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Did you know that employees value culture and career growth at almost 2x the rate they value compensation and benefits?  Organizational culture used to be something that was created as a by-product of processes and systems in a company. It just happened and leaders didn’t pay much attention to it. Well, that’s no longer the case. Culture is now one of the top priorities for Senior Leaders, regarded as a corporate asset to be actively shaped with intent and purpose. It is a competitive differentiator that employees, customers and stakeholders now look for.
Culture is described by many as “the way things are done around here”. What drives “how things are done” is a system of values and behaviours.  Not values and behaviours that are written in fancy documents and on websites, that’s the easy part. It’s the values and behaviours that are rewarded by the systems and processes in your organization.
 In your company, is there alignment between the advertised values and behaviours and those that are rewarded? 
Wells Fargo is a classic example of misalignment. Their Senior Leaders propagated one set of values while the employees felt forced by a set of unwritten rules to demonstrate other behaviours. Just this month, revelations have surfaced in Canada about employees at TDBank feeling pressured into selling products to customers.
So how do you know what values and behaviours are truly demonstrated by employees in your company?
The simple answer is to ask. Systems and processes are put in place with the best intentions to bring consistency and compliance. Unfortunately, there are often unintended by-products that can impact employee behaviour causing a misalignment between what is desired and what is rewarded. For example, an organization might stipulate innovation as one of their values but have a lengthy chain of approvals required to implement a pilot program. It’s hard to reward employees for innovative ideas when a time-consuming approval process impacts their ability to implement.
It’s not realistic to change all the systems and processes so employees can get what they want. Organizations need agile processes to meet the current business demands.  What you can do is listen and seek to understand the employee’s reality and realize what their experience is. Be prepared to listen and avoid defending the current state. If you really want to know what values and behaviors are driving your organizational culture, then you need to reserve judgement and simply listen. When was the last time you did that?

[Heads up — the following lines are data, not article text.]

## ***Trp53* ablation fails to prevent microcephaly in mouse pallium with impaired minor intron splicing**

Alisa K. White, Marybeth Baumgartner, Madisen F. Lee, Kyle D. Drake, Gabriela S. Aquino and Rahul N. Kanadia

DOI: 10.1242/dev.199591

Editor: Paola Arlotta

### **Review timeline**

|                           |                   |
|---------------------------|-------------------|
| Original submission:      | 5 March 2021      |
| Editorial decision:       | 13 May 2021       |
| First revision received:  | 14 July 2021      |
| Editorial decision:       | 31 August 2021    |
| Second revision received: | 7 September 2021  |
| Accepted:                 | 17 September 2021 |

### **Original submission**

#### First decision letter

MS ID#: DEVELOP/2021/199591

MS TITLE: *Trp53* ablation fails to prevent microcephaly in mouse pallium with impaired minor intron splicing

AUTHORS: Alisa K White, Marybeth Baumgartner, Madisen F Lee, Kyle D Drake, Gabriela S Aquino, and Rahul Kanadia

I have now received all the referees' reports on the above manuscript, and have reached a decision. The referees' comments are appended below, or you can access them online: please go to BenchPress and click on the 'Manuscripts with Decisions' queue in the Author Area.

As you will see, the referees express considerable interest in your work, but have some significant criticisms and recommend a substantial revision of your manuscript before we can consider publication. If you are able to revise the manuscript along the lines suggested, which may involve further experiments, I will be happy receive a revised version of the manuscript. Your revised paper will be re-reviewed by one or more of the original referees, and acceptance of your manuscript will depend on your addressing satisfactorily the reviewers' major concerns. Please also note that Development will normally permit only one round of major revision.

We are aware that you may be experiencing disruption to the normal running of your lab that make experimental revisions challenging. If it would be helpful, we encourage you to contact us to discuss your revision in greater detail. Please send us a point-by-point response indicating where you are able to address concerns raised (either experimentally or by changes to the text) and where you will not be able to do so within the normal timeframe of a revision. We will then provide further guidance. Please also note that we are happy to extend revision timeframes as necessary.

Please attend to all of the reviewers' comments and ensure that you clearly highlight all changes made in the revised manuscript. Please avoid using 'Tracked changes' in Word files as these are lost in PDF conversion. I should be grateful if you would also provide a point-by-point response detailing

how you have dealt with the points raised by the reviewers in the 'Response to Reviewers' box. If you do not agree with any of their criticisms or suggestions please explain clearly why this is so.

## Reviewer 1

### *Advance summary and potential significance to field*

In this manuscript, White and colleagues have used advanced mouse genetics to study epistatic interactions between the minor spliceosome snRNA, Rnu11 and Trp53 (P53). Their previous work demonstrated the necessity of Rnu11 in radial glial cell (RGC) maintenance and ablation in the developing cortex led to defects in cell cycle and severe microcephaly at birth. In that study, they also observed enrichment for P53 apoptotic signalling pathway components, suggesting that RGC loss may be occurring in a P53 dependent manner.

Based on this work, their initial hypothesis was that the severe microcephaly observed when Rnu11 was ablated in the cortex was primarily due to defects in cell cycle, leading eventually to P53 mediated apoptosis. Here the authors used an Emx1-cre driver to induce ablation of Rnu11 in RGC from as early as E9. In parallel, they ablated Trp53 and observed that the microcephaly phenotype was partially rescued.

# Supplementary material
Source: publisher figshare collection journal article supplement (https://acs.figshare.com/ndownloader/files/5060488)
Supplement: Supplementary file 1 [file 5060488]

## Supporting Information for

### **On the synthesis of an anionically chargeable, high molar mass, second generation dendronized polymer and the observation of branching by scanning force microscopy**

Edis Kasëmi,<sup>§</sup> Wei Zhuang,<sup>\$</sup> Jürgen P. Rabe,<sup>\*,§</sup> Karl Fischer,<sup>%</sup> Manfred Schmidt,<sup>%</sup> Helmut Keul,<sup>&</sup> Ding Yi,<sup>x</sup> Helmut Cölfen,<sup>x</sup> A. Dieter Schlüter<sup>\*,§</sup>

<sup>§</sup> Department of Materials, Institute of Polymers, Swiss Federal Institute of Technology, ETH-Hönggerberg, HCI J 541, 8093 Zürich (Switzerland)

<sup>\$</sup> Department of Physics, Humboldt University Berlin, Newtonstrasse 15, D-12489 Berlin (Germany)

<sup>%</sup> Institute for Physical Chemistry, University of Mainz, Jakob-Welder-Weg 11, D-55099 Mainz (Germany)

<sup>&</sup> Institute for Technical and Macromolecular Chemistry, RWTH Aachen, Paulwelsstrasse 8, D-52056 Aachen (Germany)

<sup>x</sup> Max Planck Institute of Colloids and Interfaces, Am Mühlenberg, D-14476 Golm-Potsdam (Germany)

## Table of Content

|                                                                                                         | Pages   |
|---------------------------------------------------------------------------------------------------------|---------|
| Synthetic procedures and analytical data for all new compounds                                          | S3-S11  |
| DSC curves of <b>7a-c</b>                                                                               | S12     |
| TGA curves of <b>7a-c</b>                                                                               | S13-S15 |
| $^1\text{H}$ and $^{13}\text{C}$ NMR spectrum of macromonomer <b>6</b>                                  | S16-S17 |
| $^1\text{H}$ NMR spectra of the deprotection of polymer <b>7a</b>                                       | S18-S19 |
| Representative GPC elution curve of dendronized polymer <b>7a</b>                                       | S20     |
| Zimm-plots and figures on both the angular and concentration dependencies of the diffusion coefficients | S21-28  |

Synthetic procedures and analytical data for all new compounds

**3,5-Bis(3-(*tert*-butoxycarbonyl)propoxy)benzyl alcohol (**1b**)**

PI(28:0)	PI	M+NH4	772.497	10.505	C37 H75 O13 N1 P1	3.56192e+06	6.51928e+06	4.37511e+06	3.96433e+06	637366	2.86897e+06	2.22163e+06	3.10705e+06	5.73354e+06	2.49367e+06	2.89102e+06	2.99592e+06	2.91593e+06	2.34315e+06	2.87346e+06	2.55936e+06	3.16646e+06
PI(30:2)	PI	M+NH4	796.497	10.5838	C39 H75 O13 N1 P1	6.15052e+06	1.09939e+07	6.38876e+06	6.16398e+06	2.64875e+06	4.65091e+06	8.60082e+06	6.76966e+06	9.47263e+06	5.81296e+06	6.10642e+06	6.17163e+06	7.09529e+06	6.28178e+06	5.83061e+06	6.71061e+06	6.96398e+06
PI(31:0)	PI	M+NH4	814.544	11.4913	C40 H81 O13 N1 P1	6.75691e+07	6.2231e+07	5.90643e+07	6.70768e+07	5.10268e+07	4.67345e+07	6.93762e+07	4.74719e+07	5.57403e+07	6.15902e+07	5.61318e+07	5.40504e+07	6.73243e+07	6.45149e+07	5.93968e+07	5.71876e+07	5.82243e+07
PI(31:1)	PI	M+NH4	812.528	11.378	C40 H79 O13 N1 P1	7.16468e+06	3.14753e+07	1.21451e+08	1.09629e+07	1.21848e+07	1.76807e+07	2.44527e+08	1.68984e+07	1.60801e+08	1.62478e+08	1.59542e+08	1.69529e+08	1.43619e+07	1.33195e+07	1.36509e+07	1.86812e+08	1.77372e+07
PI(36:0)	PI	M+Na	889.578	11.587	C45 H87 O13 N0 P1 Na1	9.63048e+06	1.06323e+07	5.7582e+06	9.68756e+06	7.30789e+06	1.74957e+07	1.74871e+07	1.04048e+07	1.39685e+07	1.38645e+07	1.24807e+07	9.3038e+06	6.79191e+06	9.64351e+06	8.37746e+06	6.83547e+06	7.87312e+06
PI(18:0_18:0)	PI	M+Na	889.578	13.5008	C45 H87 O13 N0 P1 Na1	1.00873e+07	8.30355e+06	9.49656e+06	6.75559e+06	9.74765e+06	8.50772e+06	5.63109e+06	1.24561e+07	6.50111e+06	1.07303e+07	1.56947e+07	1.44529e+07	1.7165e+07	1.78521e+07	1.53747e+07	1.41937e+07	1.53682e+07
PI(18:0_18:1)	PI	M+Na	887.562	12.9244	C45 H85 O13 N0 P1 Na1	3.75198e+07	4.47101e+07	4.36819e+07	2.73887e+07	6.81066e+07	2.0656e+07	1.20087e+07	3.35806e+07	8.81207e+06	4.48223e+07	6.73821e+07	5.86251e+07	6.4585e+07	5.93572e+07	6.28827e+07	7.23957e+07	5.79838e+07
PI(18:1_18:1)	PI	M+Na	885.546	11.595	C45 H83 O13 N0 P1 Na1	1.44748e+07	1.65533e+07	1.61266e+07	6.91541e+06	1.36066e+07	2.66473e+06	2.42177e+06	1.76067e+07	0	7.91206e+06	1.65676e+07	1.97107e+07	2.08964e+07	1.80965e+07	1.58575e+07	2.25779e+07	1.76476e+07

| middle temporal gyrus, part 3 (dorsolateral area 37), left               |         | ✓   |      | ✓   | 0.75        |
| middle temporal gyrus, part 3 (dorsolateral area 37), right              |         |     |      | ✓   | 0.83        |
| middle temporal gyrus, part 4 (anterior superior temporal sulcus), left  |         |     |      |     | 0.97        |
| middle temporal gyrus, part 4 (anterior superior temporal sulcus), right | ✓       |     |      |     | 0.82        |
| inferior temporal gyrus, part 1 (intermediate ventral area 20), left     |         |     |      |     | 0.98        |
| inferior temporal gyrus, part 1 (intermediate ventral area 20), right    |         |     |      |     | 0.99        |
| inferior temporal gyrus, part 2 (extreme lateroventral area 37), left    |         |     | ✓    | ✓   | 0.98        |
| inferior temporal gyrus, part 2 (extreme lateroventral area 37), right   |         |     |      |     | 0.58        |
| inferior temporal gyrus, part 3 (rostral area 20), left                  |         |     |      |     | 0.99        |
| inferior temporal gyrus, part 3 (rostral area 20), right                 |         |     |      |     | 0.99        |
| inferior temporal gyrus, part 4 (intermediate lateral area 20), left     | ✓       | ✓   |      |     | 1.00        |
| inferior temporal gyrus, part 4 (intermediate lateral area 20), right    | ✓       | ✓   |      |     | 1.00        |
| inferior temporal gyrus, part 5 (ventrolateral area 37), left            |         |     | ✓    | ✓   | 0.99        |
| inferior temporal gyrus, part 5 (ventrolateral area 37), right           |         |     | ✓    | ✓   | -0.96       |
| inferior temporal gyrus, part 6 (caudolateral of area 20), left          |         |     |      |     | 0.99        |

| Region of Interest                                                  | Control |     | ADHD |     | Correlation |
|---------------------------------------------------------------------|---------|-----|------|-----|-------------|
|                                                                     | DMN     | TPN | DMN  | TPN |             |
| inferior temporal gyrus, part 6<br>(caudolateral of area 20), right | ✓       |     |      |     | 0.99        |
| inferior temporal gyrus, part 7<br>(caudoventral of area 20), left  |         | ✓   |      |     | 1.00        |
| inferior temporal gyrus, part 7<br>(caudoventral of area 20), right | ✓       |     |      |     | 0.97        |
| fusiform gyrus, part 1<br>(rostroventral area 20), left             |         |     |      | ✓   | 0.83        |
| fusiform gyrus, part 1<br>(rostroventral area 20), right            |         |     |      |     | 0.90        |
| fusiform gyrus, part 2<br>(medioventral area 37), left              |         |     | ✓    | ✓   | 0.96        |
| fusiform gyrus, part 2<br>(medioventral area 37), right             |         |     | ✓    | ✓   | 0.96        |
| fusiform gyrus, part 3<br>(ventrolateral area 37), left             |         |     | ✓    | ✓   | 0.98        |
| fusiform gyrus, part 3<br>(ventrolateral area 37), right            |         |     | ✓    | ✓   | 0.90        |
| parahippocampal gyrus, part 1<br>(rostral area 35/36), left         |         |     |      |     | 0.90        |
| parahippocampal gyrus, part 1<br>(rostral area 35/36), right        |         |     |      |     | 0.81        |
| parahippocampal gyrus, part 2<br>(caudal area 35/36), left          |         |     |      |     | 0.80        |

Give it a try and you will be taking the first step. Here are some conversation starters.
  • What contributes to a good day at work?
  • What contributes to a bad day at work?
  • If you had the ability to change two things to make you more productive, what would they be?
  • What words would you use to describe what it is like to work here?
  • Describe how the company values are demonstrated in daily work.
Thriving organizational cultures don’t happen overnight but you can make a significant impact with small changes. Understanding the employee’s perspective on values and behaviors is a great way to start as it can lead you to taking meaningful action.
Carolyn Swora
Carolyn Swora is a workplace culture architect who facilitates development in three core areas; Courage, Resilience and Belonging. Join Carolyn in a conversation via email, LinkedIn, and Instagram. Carolyn’s book, “Rules of Engagement”, is available on Amazon. You can also listen to PWE & ME, Carolyn’s Podcast.